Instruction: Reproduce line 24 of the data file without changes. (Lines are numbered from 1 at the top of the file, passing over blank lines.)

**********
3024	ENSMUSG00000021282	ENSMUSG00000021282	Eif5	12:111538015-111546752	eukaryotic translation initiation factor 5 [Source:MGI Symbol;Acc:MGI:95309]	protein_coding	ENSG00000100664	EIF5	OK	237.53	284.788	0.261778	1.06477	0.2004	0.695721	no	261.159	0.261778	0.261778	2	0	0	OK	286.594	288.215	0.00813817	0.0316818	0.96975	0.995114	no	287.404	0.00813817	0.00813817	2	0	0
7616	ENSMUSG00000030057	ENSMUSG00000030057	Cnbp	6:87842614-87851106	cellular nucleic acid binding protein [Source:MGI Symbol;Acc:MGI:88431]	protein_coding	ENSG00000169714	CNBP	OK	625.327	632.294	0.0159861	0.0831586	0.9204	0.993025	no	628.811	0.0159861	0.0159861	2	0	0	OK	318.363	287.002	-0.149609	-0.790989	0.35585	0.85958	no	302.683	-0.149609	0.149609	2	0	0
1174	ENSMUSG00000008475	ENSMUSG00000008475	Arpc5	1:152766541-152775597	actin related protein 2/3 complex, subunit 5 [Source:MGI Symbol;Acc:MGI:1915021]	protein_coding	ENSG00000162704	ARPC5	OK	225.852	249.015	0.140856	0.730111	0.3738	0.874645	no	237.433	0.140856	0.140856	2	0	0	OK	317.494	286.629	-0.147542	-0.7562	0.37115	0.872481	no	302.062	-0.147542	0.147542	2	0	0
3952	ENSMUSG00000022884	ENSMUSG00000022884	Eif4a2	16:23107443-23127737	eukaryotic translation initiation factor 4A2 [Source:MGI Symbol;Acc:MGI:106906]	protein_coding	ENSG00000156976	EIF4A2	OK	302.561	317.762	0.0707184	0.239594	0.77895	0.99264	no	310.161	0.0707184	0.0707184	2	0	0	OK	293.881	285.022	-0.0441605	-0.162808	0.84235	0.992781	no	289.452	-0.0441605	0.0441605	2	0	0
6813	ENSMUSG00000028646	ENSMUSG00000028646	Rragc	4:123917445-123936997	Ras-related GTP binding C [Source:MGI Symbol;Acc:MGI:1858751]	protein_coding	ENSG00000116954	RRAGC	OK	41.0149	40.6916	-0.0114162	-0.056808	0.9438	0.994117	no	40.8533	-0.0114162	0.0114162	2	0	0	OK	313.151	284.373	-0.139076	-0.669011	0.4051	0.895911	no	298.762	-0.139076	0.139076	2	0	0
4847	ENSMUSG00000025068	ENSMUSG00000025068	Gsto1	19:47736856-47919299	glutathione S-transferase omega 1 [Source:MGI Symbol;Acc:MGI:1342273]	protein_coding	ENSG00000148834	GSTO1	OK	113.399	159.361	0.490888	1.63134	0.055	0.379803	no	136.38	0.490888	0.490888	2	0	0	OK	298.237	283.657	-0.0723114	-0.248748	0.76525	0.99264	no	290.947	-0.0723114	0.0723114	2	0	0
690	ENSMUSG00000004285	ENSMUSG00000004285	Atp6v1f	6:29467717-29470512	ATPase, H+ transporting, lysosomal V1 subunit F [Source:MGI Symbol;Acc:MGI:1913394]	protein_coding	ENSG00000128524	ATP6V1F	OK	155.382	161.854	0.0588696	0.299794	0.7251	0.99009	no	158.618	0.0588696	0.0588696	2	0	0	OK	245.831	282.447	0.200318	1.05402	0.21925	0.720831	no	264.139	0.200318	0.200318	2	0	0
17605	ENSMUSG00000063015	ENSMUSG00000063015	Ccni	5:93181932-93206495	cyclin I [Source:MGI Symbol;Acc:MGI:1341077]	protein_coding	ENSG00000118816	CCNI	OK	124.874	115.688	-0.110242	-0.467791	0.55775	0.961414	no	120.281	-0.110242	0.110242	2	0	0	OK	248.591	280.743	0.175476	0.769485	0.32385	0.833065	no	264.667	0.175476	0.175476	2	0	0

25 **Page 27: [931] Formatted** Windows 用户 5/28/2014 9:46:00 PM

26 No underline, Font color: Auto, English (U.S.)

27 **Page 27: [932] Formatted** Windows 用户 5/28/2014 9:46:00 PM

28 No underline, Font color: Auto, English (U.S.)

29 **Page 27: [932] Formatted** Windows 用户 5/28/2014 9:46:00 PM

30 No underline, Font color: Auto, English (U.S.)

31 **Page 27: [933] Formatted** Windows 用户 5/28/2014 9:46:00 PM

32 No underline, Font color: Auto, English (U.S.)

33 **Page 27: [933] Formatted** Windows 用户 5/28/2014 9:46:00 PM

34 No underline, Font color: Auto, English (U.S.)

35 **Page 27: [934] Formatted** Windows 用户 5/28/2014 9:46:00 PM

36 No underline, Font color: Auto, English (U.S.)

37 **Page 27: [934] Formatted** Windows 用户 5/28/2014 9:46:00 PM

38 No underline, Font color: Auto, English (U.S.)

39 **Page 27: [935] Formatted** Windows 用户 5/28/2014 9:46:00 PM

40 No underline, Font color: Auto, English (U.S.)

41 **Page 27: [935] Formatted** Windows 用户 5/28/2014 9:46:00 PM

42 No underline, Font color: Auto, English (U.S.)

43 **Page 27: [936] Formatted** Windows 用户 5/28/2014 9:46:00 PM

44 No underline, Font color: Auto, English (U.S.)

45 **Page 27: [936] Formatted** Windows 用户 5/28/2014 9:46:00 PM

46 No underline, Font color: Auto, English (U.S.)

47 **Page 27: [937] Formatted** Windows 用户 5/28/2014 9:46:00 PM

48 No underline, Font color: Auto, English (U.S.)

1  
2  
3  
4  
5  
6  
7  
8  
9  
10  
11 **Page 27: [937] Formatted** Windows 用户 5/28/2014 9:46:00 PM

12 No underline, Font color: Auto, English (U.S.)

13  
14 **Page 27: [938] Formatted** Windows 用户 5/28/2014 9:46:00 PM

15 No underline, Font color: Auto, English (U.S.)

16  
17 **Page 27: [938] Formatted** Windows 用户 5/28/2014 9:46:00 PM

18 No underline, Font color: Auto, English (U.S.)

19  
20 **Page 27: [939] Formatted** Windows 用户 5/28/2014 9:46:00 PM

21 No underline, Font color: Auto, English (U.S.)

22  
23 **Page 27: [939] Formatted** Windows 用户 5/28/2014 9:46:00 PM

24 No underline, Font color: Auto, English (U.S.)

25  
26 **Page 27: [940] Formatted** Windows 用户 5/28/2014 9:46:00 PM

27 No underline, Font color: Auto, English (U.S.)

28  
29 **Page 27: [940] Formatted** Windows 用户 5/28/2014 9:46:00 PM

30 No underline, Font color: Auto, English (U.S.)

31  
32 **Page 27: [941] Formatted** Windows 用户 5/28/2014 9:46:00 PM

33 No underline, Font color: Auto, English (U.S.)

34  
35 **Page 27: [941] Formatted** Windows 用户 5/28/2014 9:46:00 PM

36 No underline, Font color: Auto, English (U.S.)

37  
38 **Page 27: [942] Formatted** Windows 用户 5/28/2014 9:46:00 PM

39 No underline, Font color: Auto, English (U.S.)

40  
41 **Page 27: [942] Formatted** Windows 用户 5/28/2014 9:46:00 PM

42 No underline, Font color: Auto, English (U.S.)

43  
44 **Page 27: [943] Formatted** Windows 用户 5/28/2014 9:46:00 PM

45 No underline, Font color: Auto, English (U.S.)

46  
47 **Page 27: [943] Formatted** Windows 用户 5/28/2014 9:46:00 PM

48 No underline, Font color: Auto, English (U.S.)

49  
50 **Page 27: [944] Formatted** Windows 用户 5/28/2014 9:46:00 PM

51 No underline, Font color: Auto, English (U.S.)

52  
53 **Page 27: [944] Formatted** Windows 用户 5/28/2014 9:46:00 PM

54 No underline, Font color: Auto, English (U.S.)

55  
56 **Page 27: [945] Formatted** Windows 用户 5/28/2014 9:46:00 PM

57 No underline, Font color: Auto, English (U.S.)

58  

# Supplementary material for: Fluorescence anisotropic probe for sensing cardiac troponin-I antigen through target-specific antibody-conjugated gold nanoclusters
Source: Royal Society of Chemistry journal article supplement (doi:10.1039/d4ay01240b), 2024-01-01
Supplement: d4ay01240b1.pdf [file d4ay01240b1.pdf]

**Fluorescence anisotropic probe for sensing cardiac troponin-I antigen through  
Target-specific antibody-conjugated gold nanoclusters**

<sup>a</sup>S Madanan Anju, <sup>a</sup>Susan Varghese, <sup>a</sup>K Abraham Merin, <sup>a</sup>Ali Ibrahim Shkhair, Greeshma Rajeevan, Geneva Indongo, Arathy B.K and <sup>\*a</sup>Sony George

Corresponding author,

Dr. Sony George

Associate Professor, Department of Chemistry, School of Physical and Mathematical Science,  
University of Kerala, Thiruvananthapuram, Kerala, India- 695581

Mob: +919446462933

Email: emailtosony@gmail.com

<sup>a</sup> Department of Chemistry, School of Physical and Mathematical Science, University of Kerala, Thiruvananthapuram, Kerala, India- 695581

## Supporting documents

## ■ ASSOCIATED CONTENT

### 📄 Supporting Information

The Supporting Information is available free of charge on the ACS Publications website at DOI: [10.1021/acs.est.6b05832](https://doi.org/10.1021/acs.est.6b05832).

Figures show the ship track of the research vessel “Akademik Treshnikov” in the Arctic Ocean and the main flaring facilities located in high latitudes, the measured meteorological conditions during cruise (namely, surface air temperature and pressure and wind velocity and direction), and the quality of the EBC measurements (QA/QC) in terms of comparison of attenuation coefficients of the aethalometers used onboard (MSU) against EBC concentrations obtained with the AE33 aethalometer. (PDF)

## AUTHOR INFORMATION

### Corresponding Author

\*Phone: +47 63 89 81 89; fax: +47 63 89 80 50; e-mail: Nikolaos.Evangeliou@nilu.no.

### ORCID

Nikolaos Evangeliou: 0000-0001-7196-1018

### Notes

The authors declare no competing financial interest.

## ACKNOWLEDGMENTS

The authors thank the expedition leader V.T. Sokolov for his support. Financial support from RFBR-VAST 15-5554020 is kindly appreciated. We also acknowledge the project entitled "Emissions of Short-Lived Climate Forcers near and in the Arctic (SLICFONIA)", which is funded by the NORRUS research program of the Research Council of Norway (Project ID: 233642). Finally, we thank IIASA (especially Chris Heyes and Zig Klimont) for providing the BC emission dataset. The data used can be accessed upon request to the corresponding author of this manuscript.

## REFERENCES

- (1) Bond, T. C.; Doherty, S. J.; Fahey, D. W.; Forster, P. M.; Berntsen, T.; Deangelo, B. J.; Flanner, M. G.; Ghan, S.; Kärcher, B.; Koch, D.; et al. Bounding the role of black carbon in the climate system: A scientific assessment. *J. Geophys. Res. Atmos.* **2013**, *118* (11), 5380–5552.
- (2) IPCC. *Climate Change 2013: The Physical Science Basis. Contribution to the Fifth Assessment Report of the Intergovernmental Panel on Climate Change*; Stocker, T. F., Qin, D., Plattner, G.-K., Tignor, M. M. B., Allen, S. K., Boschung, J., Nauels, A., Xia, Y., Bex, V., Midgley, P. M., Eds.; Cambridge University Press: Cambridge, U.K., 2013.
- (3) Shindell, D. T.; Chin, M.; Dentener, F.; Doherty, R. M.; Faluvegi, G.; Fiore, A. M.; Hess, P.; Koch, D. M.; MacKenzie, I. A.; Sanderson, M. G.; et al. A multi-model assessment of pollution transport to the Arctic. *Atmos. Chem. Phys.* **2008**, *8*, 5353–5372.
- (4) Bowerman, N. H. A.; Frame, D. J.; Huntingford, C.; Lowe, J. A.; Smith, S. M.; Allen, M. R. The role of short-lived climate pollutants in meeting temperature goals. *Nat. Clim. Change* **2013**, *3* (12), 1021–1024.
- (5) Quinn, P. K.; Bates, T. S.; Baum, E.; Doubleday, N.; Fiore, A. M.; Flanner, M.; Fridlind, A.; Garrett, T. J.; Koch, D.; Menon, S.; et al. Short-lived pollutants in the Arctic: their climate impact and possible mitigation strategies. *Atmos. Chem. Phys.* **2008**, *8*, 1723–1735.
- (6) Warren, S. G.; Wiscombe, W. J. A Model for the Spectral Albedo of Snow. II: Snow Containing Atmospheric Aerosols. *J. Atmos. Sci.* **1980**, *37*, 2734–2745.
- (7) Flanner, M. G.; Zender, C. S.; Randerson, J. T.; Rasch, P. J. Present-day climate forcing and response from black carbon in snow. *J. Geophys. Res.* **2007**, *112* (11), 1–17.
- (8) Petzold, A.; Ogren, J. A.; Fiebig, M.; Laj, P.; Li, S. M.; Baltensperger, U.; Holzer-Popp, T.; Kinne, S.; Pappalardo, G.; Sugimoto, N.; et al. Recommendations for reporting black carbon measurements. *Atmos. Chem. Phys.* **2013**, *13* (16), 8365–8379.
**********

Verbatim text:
40 No underline, Font color: Auto, English (U.S.)